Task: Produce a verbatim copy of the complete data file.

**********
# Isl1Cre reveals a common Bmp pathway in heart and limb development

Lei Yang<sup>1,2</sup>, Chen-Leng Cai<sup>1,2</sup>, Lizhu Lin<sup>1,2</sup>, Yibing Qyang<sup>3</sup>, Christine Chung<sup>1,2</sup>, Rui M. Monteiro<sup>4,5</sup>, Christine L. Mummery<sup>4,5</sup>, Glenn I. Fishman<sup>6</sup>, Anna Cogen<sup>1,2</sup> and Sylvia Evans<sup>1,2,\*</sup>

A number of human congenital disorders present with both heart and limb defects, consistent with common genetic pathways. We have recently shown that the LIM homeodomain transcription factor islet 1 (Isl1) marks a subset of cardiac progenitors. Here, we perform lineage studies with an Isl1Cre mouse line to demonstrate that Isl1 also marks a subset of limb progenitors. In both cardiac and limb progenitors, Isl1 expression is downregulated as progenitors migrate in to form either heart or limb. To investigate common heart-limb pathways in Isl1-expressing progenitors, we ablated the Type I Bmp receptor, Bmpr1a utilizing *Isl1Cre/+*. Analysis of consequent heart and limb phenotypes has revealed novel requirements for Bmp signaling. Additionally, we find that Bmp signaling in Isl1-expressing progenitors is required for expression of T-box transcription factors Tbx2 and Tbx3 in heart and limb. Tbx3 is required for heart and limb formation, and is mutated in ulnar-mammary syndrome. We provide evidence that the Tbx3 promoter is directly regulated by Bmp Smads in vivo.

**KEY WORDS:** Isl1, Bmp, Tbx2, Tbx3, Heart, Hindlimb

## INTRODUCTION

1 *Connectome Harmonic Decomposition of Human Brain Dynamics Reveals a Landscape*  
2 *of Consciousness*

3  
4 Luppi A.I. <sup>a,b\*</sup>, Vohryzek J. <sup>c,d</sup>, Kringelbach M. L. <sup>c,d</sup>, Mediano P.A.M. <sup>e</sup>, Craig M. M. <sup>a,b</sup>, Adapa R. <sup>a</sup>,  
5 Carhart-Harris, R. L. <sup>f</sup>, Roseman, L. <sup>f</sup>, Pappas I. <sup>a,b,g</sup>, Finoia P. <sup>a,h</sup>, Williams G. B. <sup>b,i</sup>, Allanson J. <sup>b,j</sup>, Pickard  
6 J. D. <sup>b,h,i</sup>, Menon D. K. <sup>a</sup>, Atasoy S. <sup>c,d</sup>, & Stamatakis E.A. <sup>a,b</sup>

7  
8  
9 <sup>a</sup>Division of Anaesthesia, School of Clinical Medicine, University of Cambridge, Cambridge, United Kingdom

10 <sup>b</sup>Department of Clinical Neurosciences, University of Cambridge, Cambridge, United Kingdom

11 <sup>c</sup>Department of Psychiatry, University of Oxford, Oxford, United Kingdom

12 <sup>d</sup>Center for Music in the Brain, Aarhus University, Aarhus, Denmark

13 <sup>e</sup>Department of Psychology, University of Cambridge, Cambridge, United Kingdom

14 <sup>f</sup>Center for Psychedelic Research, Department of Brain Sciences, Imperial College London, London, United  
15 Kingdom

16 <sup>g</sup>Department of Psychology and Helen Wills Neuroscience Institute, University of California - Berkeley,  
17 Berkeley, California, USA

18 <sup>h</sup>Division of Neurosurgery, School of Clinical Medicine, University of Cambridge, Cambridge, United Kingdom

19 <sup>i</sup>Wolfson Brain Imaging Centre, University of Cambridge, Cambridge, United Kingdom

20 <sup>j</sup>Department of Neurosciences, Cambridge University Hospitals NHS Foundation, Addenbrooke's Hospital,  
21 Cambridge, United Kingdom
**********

# Isl1Cre reveals a common Bmp pathway in heart and limb development

Lei Yang<sup>1,2</sup>, Chen-Leng Cai<sup>1,2</sup>, Lizhu Lin<sup>1,2</sup>, Yibing Qyang<sup>3</sup>, Christine Chung<sup>1,2</sup>, Rui M. Monteiro<sup>4,5</sup>, Christine L. Mummery<sup>4,5</sup>, Glenn I. Fishman<sup>6</sup>, Anna Cogen<sup>1,2</sup> and Sylvia Evans<sup>1,2,\*</sup>

A number of human congenital disorders present with both heart and limb defects, consistent with common genetic pathways. We have recently shown that the LIM homeodomain transcription factor islet 1 (Isl1) marks a subset of cardiac progenitors. Here, we perform lineage studies with an Isl1Cre mouse line to demonstrate that Isl1 also marks a subset of limb progenitors. In both cardiac and limb progenitors, Isl1 expression is downregulated as progenitors migrate in to form either heart or limb. To investigate common heart-limb pathways in Isl1-expressing progenitors, we ablated the Type I Bmp receptor, Bmpr1a utilizing *Isl1Cre/+*. Analysis of consequent heart and limb phenotypes has revealed novel requirements for Bmp signaling. Additionally, we find that Bmp signaling in Isl1-expressing progenitors is required for expression of T-box transcription factors Tbx2 and Tbx3 in heart and limb. Tbx3 is required for heart and limb formation, and is mutated in ulnar-mammary syndrome. We provide evidence that the Tbx3 promoter is directly regulated by Bmp Smads in vivo.

**KEY WORDS:** Isl1, Bmp, Tbx2, Tbx3, Heart, Hindlimb

## INTRODUCTION

1 *Connectome Harmonic Decomposition of Human Brain Dynamics Reveals a Landscape*  
2 *of Consciousness*

3  
4 Luppi A.I. <sup>a,b\*</sup>, Vohryzek J. <sup>c,d</sup>, Kringelbach M. L. <sup>c,d</sup>, Mediano P.A.M. <sup>e</sup>, Craig M. M. <sup>a,b</sup>, Adapa R. <sup>a</sup>,  
5 Carhart-Harris, R. L. <sup>f</sup>, Roseman, L. <sup>f</sup>, Pappas I. <sup>a,b,g</sup>, Finoia P. <sup>a,h</sup>, Williams G. B. <sup>b,i</sup>, Allanson J. <sup>b,j</sup>, Pickard  
6 J. D. <sup>b,h,i</sup>, Menon D. K. <sup>a</sup>, Atasoy S. <sup>c,d</sup>, & Stamatakis E.A. <sup>a,b</sup>

7  
8  
9 <sup>a</sup>Division of Anaesthesia, School of Clinical Medicine, University of Cambridge, Cambridge, United Kingdom

10 <sup>b</sup>Department of Clinical Neurosciences, University of Cambridge, Cambridge, United Kingdom

11 <sup>c</sup>Department of Psychiatry, University of Oxford, Oxford, United Kingdom

12 <sup>d</sup>Center for Music in the Brain, Aarhus University, Aarhus, Denmark

13 <sup>e</sup>Department of Psychology, University of Cambridge, Cambridge, United Kingdom

14 <sup>f</sup>Center for Psychedelic Research, Department of Brain Sciences, Imperial College London, London, United  
15 Kingdom

16 <sup>g</sup>Department of Psychology and Helen Wills Neuroscience Institute, University of California - Berkeley,  
17 Berkeley, California, USA

18 <sup>h</sup>Division of Neurosurgery, School of Clinical Medicine, University of Cambridge, Cambridge, United Kingdom

19 <sup>i</sup>Wolfson Brain Imaging Centre, University of Cambridge, Cambridge, United Kingdom

20 <sup>j</sup>Department of Neurosciences, Cambridge University Hospitals NHS Foundation, Addenbrooke's Hospital,  
21 Cambridge, United Kingdom